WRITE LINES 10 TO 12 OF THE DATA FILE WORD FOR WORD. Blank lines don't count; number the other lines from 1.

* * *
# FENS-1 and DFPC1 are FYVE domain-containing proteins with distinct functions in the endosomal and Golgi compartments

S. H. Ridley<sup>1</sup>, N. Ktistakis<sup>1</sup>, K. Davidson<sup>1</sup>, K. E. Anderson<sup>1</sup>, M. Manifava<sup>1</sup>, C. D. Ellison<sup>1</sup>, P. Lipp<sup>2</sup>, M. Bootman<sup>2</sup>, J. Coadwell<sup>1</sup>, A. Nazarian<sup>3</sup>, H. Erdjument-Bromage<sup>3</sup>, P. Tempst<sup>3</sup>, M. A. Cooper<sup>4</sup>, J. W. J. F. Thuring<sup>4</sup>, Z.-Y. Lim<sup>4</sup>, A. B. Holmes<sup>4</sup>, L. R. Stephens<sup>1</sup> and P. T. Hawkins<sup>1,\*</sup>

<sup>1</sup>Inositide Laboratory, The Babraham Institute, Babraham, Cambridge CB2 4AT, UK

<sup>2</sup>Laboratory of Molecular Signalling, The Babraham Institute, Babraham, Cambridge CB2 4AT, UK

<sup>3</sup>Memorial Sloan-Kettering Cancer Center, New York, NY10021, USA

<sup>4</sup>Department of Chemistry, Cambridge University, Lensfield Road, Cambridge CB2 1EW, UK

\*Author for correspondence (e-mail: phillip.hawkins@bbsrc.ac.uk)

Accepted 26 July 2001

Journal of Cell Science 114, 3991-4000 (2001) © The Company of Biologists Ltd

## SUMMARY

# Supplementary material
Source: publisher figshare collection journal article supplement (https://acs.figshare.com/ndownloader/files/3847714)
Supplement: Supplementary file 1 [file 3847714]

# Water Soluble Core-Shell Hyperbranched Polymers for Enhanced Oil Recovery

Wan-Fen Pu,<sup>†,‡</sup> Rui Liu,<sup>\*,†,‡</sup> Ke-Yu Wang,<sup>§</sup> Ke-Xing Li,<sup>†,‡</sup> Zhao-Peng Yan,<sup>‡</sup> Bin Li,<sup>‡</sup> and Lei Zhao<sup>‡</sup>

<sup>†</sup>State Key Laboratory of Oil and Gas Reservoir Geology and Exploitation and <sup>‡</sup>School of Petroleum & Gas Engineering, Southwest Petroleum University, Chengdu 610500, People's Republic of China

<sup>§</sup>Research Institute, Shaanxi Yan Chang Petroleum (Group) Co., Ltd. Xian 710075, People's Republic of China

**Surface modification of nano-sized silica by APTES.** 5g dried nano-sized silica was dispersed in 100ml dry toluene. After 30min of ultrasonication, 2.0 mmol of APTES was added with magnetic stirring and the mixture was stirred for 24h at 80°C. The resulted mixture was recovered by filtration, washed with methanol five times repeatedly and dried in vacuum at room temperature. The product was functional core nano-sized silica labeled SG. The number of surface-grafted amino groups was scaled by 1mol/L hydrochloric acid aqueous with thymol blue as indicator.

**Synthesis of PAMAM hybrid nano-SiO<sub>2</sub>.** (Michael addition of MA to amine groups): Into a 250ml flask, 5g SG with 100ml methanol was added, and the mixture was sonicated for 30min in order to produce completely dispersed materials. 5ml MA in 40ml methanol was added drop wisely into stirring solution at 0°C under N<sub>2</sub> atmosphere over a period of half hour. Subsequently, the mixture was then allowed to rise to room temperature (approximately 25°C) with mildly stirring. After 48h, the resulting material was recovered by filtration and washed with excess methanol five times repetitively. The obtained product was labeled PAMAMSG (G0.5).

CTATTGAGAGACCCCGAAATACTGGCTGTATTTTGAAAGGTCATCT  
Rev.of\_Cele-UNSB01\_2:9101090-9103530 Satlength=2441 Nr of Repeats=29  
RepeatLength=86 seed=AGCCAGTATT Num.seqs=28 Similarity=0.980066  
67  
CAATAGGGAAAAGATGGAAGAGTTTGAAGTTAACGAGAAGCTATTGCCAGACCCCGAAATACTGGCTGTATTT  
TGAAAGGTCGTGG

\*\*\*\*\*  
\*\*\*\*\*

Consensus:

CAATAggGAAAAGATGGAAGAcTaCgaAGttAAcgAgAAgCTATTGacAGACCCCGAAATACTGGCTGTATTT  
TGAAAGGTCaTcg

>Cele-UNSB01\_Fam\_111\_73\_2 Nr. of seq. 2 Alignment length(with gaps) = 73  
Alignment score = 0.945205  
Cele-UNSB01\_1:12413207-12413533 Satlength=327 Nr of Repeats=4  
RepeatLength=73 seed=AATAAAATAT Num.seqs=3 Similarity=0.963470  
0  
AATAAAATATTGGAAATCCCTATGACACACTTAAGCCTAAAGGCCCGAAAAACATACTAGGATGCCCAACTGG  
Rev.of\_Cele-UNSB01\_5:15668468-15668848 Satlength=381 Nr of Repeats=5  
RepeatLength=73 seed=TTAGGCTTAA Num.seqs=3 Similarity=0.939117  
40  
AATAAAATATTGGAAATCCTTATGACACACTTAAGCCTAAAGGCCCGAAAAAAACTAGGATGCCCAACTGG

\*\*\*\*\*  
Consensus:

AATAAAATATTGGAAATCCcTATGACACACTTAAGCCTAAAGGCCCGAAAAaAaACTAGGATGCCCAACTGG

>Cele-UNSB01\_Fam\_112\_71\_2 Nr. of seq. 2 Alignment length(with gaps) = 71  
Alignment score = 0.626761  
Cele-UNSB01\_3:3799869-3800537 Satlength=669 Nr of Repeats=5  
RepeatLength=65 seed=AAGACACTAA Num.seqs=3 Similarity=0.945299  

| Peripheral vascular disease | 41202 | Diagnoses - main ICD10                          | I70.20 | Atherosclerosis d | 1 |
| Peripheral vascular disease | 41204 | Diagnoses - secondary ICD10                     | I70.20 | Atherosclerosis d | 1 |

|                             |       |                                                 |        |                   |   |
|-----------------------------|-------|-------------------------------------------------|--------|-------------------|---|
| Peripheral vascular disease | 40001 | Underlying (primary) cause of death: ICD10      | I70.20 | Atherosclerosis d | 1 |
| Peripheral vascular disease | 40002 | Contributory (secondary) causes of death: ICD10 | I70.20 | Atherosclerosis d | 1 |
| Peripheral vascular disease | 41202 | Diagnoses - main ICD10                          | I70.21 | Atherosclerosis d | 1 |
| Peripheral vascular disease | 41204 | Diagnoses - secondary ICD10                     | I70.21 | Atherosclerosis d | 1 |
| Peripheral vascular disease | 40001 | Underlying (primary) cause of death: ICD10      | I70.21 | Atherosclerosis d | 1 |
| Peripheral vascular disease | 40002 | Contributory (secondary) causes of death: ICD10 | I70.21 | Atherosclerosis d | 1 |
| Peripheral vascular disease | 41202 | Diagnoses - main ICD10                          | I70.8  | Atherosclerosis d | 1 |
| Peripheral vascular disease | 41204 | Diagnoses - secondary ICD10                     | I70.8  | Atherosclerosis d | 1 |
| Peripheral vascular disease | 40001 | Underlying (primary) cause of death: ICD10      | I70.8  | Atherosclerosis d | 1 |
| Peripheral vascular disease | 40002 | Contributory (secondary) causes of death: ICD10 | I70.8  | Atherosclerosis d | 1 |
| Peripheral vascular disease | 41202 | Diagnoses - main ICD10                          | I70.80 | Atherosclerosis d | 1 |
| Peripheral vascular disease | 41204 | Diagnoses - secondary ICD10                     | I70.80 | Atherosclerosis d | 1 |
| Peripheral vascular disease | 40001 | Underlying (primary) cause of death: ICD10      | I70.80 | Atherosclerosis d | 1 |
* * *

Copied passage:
## SUMMARY

# Supplementary material
Source: publisher figshare collection journal article supplement (https://acs.figshare.com/ndownloader/files/3847714)